In March, 1998 I wrote my first article for PPM, called “Pick ‘Em In Pairs”, in which I detailed my Pairs Analysis Technique, or PAT for short.

This technique centered around matching TAB 1 with TAB 2, TAB 3 with TAB 4, TAB 5 with TAB 6 and so on in what basically ended up being match races between each pair.

Once I had determined the “winner” of each pair I had to evaluate what I considered would be the beaten margin between the two in a real match race. The example I presented in that article comprised of a field of eight past champion class horses one could only dream about seeing in one race.

In a field of eight runners there will be four pairs (I might add in a field of odd numbers the last pair will actually be a trio; in a field of 9 you would compare TAB numbers 7, 8 and 9 with margins between them as if the race was a match race between the three). So, after comparing one another there will be four A selections which are the horses we initially continue to consider.

Let’s provide a field to make this clearer. The field is:

TAB 1: Tulloch
TAB 2: Gunsynd
TAB 3: Phar Lap
TAB 4: Rising Fast
TAB 5: Kingston Town
TAB 6: Dulcify
TAB 7: Gloaming
TAB 8: Archer

In this example we assume the winners of each pair were TAB No’s 2, 4, 6 and 8 which were Gunsynd, Rising Fast, Dulcify and Archer while the “losers” were Tulloch, Phar Lap, Kingston Town and Gloaming.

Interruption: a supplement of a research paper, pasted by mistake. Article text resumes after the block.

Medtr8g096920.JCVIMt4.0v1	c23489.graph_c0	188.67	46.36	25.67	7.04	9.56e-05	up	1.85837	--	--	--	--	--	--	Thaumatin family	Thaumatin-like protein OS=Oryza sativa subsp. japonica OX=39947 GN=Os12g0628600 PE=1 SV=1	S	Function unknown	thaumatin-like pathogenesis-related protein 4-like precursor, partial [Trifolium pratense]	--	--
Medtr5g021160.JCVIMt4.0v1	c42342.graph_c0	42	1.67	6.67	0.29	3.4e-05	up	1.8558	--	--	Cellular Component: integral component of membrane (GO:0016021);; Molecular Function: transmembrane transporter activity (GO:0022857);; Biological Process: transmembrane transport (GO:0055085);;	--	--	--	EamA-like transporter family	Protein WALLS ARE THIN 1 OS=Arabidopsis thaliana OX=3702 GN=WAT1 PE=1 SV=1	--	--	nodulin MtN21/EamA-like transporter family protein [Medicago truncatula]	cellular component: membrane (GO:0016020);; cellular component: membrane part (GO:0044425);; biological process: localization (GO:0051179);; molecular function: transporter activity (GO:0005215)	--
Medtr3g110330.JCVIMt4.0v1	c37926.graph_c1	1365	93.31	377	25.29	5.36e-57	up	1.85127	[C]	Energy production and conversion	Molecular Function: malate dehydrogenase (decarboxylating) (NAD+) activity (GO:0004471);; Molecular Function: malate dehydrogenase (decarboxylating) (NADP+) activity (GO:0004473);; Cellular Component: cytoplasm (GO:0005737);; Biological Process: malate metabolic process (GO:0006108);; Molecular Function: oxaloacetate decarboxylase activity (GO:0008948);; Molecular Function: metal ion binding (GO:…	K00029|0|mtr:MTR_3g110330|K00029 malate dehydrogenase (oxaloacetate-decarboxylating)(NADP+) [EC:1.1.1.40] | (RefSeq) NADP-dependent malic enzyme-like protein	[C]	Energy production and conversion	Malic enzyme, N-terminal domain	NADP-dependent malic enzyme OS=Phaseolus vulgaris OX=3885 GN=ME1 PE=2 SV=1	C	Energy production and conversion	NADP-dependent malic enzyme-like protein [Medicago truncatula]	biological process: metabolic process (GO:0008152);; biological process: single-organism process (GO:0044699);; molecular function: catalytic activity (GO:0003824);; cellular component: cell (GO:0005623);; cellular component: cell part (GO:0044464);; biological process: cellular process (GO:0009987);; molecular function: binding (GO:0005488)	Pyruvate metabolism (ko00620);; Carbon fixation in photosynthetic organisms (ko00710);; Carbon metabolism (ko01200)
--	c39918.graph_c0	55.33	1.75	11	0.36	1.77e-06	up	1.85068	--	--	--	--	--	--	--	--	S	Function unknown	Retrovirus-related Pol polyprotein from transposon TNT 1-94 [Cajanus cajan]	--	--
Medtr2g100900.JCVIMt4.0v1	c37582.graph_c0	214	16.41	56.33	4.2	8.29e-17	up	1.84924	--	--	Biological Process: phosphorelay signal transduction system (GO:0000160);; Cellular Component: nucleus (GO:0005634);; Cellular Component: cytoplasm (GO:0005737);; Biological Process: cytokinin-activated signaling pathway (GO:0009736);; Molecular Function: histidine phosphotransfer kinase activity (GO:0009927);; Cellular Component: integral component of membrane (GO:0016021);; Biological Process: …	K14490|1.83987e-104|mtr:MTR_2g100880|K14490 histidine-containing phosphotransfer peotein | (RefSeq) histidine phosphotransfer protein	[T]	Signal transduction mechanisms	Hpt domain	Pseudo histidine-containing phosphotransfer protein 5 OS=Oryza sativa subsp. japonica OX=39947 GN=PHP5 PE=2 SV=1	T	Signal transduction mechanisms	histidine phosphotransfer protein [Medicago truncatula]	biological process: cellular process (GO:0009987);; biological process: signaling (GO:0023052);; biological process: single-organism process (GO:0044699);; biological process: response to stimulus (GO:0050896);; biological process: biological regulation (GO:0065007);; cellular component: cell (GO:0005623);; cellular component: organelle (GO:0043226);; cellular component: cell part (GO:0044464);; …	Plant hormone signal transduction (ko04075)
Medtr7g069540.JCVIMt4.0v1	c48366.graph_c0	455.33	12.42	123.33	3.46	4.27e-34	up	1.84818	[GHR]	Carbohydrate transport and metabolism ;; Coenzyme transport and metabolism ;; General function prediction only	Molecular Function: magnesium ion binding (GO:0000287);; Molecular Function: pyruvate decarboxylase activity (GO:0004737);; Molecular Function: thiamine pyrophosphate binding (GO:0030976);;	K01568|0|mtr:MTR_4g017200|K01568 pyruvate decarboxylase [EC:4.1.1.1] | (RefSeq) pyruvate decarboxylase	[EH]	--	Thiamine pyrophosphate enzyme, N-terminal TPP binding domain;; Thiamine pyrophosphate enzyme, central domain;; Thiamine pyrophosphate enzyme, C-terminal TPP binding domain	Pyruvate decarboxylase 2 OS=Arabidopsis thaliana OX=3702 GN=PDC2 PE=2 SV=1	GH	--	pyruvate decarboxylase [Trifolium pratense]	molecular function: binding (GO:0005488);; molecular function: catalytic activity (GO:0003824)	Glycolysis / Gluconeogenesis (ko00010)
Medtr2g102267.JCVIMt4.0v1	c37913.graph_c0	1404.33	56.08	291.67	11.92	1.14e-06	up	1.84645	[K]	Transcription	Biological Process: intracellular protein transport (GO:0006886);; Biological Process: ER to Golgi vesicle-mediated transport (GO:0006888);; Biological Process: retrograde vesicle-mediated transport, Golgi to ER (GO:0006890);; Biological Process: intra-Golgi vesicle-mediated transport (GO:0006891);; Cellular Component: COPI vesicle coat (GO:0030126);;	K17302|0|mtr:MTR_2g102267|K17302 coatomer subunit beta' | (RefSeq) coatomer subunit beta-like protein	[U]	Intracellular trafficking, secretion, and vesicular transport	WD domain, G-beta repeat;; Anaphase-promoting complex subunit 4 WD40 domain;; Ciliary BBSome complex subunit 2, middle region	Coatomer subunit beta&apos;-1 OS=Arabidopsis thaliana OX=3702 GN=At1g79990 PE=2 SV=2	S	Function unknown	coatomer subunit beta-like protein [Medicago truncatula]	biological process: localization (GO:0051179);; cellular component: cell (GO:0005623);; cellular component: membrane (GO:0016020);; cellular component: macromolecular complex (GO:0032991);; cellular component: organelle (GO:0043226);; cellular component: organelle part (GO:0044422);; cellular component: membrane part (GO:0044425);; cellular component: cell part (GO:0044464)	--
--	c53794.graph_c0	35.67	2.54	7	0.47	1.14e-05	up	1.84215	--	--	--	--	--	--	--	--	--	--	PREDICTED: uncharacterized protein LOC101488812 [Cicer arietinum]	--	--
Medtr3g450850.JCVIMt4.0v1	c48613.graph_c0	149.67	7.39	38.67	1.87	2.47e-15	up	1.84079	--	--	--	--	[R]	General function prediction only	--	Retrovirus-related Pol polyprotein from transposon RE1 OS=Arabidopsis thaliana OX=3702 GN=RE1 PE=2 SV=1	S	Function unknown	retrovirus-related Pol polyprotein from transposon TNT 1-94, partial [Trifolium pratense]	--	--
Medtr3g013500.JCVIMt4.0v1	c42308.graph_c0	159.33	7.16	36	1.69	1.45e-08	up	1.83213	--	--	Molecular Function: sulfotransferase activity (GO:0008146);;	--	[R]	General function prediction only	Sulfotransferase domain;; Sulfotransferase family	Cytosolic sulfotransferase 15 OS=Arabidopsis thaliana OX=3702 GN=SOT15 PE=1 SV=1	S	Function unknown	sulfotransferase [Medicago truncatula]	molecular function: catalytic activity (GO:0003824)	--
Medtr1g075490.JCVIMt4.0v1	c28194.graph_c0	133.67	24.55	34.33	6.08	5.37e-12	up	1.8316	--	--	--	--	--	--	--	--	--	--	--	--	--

Let’s say we calculate that:
… 2 Gunsynd beats 1 Tulloch by 0.5 length
… 4 Rising Fast beats 3 Phar Lap by 0.75 length
… 6 Dulcify beats 5 Kingston Town by 1.0 length
… 8 Archer beats 7 Gloaming by 1.25 lengths

The “losers” are no longer considered as they have been eliminated as contenders for the FINAL A selection. If you are a one horse per race punter you will need to create another set of pairs from the “winners”.

Thus, your new pairs are TAB No’s 2 & 4 and TAB No’s 6 & 8 which means you are comparing Gunsynd against Rising Fast and Dulcify against Archer and again you must provide a beaten margin for each pair.

This time we calculate that:
… 2 Gunsynd defeats 4 Rising Fast by 0.75 lengths
… 6 Dulcify beats 8 Archer by 0.25 lengths

The next step is to apply the same process to Gunsynd and Dulcify with Gunsynd beating Dulcify by 1.0 length. There should be no after the race excuses as your final A selection has been calculated by thorough form analysis. But, what if the punter wishes to have more selections per race and wants to calculate a priceline?

Well, the hard work has been done along the way and it is a simple matter of organising the margins into a format ready for the required calculations. Starting from Gunsynd we find the following order:

Sel Mrgn Name
C0.75Rising Fast
F1.50Phar Lap